With increasing frequency, small businesses are learning that they have been the victim of employee embezzlement. Whether the employee used the company credit card for personal gain or gave themselves unauthorized raises, victim businesses are often at a loss at where to turn and what to do next. What a victim business might not realize is that recovering their embezzled funds isn’t impossible.
While employee embezzlement occurs in businesses of all sizes, smaller companies are more susceptible. A smaller budget for oversight and the strong feelings of trust that develop after working with the same handful of people for years lulls many small business owners into believing that it could never happen to them. Representing victim businesses, we almost always hear, “we just never thought s/he would do something like that to us.” We have learned, unfortunately, that no size, sector, or type of business or non-profit organization is immune.
In most instances, the embezzlement is obvious once detected. Monthly auditing of company credit cards and banking statements would go a long way to detecting the majority of cases. Despite having clear and convincing evidence of employee embezzlement, however, few companies ever utilize the civil and criminal justice systems to recover their losses.
Some victim businesses do not come forward because they fear negative publicity, while others do not know to whom to turn. The latter should know that North Carolina has several effective civil remedies and both strong criminal penalties and criminal restitution provisions that should cause hesitant victim business to reconsider remaining silent.
Criminal Recovery Strategies for Employee Embezzlement in NC
In the North Carolina State Court System, two main criminal statutes are used to prosecute employee embezzlement — Embezzlement by Employee, and Obtaining Property by False Pretenses. Together these statutes criminalize the taking of your business’s money and the false statements made to accomplish the fraud.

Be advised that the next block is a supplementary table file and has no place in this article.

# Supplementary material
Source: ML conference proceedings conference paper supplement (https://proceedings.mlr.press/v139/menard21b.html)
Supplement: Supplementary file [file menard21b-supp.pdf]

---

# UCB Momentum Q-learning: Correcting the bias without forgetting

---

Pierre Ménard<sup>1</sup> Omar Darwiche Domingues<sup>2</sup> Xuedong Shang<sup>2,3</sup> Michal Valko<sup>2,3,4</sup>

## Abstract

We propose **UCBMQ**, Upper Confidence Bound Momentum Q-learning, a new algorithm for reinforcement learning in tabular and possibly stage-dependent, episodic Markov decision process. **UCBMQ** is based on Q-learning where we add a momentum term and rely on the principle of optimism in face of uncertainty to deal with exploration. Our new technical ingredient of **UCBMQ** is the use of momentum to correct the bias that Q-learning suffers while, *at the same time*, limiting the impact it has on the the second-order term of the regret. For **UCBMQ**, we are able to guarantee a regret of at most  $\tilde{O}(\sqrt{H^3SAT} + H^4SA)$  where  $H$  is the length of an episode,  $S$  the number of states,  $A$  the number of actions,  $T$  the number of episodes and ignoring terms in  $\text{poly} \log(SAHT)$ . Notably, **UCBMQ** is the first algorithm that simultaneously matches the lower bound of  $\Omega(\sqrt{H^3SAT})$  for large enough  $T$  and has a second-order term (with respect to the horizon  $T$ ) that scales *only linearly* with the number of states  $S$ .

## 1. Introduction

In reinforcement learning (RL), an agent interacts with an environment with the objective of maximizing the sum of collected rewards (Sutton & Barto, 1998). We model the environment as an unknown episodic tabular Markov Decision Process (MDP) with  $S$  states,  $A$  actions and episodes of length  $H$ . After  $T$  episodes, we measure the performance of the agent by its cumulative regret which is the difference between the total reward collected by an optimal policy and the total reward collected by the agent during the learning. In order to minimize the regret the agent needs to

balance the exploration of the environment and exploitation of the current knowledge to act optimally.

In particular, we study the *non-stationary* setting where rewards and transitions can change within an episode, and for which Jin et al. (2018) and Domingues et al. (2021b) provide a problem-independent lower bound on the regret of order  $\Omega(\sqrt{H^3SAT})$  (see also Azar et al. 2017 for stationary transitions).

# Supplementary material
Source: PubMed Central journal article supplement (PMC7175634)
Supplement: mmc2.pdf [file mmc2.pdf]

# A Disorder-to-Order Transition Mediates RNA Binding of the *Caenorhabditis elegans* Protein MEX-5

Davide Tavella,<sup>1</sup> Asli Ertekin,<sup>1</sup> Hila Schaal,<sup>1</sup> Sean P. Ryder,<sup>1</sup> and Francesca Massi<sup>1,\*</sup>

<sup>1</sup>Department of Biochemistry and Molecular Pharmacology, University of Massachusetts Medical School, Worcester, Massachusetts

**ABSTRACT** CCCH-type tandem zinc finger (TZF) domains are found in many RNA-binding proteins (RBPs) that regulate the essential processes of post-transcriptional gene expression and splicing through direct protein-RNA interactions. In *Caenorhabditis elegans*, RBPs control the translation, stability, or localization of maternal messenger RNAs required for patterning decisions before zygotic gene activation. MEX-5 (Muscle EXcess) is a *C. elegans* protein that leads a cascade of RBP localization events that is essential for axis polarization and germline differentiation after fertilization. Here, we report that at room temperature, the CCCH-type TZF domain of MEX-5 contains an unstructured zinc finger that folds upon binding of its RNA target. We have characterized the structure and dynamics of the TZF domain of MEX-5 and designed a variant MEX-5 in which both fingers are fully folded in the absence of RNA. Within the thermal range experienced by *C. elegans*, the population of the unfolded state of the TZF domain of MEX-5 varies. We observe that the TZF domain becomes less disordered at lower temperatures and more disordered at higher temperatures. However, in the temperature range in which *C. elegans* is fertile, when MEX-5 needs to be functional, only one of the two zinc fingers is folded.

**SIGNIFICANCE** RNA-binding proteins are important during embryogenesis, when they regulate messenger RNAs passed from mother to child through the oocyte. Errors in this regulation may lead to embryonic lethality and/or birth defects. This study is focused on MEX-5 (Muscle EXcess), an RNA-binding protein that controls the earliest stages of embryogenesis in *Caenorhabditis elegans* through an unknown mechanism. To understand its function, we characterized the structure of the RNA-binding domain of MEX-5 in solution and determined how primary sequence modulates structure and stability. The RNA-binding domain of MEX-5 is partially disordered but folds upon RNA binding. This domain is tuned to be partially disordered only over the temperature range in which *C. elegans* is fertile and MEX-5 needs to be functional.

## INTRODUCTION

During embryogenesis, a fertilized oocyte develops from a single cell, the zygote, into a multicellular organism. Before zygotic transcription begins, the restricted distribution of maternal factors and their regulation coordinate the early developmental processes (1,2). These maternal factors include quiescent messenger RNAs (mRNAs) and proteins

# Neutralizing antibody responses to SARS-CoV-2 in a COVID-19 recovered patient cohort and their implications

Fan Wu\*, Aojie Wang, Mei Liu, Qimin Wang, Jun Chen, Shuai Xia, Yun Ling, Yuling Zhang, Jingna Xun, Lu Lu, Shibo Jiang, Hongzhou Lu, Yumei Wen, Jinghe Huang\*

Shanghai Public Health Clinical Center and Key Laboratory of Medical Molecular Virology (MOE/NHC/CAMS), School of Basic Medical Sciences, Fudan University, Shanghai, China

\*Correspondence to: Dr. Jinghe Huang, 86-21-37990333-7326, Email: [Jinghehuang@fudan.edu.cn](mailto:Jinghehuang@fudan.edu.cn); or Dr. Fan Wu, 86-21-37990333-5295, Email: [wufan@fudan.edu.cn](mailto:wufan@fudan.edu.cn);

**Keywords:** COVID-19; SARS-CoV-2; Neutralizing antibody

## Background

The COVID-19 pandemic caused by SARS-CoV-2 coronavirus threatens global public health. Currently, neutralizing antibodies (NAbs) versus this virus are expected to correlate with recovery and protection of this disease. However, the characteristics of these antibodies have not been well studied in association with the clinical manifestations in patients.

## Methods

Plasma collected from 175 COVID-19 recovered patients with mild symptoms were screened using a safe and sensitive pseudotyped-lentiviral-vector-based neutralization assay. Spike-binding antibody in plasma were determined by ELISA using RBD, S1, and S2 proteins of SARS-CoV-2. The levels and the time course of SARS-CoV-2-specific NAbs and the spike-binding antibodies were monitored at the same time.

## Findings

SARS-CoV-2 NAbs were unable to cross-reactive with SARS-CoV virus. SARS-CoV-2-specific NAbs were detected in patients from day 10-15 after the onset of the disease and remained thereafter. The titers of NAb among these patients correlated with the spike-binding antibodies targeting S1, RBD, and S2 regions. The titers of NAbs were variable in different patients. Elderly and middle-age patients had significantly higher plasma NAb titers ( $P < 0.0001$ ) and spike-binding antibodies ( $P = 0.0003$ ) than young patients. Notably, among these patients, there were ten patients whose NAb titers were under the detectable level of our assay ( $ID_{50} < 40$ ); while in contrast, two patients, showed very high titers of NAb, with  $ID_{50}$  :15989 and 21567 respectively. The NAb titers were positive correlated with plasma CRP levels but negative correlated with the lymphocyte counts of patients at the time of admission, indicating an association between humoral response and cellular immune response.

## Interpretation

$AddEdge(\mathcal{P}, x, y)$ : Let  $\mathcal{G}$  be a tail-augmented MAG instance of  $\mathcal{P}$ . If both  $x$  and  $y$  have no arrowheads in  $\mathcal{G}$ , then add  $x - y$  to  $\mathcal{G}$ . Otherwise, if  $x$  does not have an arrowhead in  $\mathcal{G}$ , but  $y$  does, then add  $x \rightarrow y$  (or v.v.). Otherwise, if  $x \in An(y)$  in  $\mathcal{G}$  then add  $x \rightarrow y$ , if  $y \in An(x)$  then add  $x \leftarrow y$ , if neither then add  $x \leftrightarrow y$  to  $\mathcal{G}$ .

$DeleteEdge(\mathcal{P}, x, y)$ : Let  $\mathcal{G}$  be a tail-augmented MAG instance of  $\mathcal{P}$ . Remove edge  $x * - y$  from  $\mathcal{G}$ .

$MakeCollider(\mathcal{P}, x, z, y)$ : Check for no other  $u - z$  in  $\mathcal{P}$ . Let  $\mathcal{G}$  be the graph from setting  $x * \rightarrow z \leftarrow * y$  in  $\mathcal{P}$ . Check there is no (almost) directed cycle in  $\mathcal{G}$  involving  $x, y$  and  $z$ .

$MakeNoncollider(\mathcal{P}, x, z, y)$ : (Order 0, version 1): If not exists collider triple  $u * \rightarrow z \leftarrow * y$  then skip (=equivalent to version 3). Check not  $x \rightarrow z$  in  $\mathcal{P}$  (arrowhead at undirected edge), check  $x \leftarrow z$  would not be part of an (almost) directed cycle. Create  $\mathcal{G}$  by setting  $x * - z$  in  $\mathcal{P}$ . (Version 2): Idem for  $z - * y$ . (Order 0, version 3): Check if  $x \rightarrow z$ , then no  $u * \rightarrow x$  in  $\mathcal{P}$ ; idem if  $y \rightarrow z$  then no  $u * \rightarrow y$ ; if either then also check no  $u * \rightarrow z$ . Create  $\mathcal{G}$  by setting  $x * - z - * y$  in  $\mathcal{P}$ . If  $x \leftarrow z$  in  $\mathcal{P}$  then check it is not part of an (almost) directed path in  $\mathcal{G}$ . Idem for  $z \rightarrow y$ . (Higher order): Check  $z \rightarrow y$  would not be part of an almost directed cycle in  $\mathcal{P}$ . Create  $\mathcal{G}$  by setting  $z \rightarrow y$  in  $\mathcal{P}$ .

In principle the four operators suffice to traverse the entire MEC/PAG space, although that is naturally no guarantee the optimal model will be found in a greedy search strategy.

Each time the employee steals from you — for example, by misusing the company credit card — they can be charged with a separate violation of employee embezzlement or obtaining property by false pretenses. Each offense is a Class H felony, and if the amount of the theft, either in a single transaction or in the aggregate, exceeds $100,000, they can be punished as a Class C Felon, which would require an active sentence in a North Carolina Department of Corrections of not less than 44 – 65 months of imprisonment.
More importantly, victims can have their losses repaid through a Restitution Order, which can require the employee/defendant to make a lump-sum payment, to make payment through prison earnings, or to make payments while on probation or post-release supervision. Outstanding restitution balances are also often reduced to civil judgments.
The physical location of the business and the offending employee’s conduct usually determines which law enforcement agencies will investigate and which prosecuting offices will handle the case. The Winston-Salem Police Department’s financial crimes section, for example, and capable financial crimes investigators, and the Forsyth County District Attorney’s Office routinely handles employee embezzlement cases. If the case is especially complex or document intensive, the North Carolina Conference of District Attorneys — who fund a regional financial-crimes prosecutor — may assist in the prosecution. Additionally, the U.S. Attorney’s Office for the Middle District of North Carolina, which has a panoply of federal charging options (including mail fraud, wire fraud, bank fraud, etc) has the authority to investigate financial crimes occurring in the Triad, including employee embezzlement.
Civil Recovery Strategies for Employee Embezzlement in NC
Recovery is also often possible without utilizing the criminal justice system. We have found that embezzling employees — once caught — are frequently eager to make amends and to avoid criminal charges. If the victim business chooses not to press charges, there are a number of civil remedies available. Settlement agreements, promissory notes, confessions of judgments, and structured payment plans are just some of the ways that victim businesses are able to recover their losses. Confidentiality and non-disparagement provisions also frequently bring reluctant embezzlers to the settlement table.
Anyone or any business can be a victim of embezzlement. And while many small business owners quickly want to brush the issue aside, it’s important to know what options are on the table.
About the Author
Mark A. Jones is an attorney at the law firm of Bell, Davis & Pitt and a board-certified specialist in both federal and state criminal law. Mark leads the firm’s White Collar and Business Crimes, General Federal Defense and Government Investigations practice, which routinely handles employee embezzlement matters. Prior to joining Bell, Davis & Pitt, Mark served as Assistant U.S. Attorney in the Western District of North Carolina, where he represented the government in hundreds of federal criminal investigations and prosecutions.